Compost provides a free, nutrient-rich addition, to improve the health and structure of your soil and boost plant growth. Not only is it great for your garden, it also diverts organic waste from landfill, avoiding anaerobic breakdown that produces methane, a potent greenhouse gas.
Common compost problems involve the wrong mix of materials, the amount of water added, and not enough aeration. Most compost issues can easily be rectified without starting again, and many are just about making the process more efficient.
Starting a compost pile might seem like a challenge, but it is very easy to take care of and there are different options depending on your level of commitment.
Composting is pretty straightforward, but there are a few common problems that can crop up.
Piles can often be too dry or too wet, the mixture of green and brown material can be imbalanced, and the pile can become too acidic if there are too many onions and citrus rinds.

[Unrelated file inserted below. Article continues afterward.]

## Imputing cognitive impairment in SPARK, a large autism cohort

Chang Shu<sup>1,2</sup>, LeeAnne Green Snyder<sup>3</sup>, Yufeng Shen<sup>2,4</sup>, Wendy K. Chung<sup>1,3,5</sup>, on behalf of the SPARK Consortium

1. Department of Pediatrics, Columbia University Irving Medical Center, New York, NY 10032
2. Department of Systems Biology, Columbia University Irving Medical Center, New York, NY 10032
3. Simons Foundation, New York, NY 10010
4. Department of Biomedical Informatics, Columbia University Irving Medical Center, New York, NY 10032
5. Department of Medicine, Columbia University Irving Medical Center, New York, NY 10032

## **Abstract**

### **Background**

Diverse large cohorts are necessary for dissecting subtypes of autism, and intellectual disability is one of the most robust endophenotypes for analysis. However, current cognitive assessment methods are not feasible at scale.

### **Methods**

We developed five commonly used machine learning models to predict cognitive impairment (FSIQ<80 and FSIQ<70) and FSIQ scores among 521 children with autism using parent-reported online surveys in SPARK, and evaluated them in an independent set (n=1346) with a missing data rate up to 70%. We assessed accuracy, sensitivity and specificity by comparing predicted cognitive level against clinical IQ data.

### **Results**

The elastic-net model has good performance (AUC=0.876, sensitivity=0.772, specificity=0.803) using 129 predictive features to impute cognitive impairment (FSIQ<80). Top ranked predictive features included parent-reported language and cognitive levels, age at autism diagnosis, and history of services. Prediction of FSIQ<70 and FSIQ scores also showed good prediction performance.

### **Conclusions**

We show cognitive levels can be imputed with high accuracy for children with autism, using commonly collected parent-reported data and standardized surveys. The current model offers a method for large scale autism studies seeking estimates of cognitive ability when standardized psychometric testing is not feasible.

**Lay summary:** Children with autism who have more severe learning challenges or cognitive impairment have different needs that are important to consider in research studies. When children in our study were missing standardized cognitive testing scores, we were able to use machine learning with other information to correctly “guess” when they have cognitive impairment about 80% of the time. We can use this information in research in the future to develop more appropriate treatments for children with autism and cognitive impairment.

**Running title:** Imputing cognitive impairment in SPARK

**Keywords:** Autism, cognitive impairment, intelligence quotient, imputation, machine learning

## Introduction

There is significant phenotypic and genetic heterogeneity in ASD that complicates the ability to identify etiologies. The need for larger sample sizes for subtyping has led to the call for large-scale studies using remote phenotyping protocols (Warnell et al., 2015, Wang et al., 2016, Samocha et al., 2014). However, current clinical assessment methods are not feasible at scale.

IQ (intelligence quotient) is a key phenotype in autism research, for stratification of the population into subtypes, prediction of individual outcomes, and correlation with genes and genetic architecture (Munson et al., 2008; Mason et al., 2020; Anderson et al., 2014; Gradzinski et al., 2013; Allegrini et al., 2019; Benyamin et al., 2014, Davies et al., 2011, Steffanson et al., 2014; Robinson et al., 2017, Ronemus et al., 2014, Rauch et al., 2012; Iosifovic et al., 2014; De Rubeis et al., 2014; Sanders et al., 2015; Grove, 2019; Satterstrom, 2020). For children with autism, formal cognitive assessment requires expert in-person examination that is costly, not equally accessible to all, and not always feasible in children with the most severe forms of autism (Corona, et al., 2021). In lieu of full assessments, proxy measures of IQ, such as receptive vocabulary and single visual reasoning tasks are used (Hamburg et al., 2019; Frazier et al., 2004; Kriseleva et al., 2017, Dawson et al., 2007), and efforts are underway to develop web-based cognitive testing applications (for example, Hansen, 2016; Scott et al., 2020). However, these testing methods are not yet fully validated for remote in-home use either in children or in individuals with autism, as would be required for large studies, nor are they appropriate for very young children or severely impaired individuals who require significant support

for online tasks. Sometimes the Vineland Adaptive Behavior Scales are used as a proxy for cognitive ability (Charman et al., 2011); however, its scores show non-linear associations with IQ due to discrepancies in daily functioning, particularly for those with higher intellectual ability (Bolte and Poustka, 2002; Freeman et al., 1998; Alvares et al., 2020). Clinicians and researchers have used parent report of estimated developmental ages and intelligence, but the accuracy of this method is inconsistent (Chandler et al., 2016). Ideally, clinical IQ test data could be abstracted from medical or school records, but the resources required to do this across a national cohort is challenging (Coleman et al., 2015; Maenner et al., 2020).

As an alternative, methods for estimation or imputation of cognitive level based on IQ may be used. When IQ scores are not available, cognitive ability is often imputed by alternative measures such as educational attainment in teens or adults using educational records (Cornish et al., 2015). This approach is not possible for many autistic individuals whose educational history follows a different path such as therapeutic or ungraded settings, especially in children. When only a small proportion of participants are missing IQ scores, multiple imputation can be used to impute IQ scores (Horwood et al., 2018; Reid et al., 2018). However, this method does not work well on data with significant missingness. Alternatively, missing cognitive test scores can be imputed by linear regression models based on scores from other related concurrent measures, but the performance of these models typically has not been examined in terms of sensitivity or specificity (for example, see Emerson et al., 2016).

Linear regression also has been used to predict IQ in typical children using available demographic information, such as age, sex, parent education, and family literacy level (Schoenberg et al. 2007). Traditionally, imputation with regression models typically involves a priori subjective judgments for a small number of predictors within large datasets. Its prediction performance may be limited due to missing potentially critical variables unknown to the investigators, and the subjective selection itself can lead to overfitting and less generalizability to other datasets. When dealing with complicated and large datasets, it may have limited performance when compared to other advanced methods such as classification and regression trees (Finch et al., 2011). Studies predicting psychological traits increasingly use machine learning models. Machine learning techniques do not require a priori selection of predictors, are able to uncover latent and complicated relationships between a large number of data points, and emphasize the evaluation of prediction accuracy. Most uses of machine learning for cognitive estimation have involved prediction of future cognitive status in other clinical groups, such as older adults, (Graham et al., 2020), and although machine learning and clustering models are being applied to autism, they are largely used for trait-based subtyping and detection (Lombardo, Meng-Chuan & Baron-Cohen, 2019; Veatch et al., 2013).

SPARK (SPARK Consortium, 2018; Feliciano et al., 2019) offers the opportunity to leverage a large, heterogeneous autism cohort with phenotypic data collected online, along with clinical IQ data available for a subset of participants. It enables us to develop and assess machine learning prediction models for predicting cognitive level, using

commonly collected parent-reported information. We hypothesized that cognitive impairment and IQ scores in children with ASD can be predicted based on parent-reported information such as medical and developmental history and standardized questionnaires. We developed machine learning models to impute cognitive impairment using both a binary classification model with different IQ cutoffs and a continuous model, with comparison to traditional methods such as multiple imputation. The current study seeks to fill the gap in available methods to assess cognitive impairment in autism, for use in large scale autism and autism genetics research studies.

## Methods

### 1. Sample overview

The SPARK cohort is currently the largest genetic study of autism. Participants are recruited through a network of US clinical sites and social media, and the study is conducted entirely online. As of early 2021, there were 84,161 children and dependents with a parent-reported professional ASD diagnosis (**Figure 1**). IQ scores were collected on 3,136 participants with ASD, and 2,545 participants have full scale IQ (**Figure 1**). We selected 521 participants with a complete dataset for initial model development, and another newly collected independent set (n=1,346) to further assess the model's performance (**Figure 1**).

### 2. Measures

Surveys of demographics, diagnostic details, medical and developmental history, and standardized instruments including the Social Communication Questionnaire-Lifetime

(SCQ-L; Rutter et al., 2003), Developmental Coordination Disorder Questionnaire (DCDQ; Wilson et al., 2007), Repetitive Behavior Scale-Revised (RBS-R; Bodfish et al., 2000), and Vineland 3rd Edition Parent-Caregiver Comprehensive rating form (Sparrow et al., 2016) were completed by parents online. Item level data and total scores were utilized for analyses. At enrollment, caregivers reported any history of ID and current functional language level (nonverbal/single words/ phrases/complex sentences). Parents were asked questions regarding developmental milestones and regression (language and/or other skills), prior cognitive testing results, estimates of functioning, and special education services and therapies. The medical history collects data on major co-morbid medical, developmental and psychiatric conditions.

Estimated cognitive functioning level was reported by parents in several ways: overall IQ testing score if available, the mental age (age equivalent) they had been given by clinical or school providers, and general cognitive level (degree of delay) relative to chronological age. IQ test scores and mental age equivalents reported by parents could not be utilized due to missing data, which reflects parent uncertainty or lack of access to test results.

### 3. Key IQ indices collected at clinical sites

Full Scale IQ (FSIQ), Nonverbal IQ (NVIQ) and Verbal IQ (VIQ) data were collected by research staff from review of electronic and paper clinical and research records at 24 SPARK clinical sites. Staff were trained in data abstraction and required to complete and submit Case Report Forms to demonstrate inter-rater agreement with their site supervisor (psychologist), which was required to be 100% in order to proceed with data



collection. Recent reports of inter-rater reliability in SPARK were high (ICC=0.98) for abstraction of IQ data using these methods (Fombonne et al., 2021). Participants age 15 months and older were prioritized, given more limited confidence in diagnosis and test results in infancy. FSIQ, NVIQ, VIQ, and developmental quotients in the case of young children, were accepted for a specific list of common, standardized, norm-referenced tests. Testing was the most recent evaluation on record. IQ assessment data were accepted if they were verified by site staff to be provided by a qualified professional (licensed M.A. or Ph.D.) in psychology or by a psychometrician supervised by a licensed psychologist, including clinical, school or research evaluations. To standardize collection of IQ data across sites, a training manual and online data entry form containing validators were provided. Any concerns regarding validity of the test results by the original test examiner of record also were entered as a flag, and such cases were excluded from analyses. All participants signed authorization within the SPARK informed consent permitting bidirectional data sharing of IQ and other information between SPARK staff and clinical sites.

Compost can begin to smell if meat, eggs or dairy are added and begin to rot rather than compost.
If the pile is not getting enough air to it, the breakdown starts to happen anaerobically and produces methane, which smells.
Common compost problems are that the pile is too wet or too dry, there are too many grass clippings or other green material, the pile becomes too acidic, or the compost begins to smell. Fortunately, all of these problems can be remedied–no need to throw your compost out and start from scratch.
The good news is that most compost problems are easily solved, and most just mean that the breakdown of material is less effective, rather than not happening at all.
Unless you have added a lot of something that won’t break down, it’s hard to ruin an entire compost pile, and you shouldn’t need to start from scratch.
Types of compost
The two main ways to compost are with a hot compost, or a cold compost.
There are 2 main ways to compost: hot and cold composting. Hot composting is a bit more complex to set up but breaks down quicker, and cold composting is very simple but can take up to 2 years to break down. There are variations of these types, including open air or direct composting, using tumblers, vermicomposting and bacteria composting.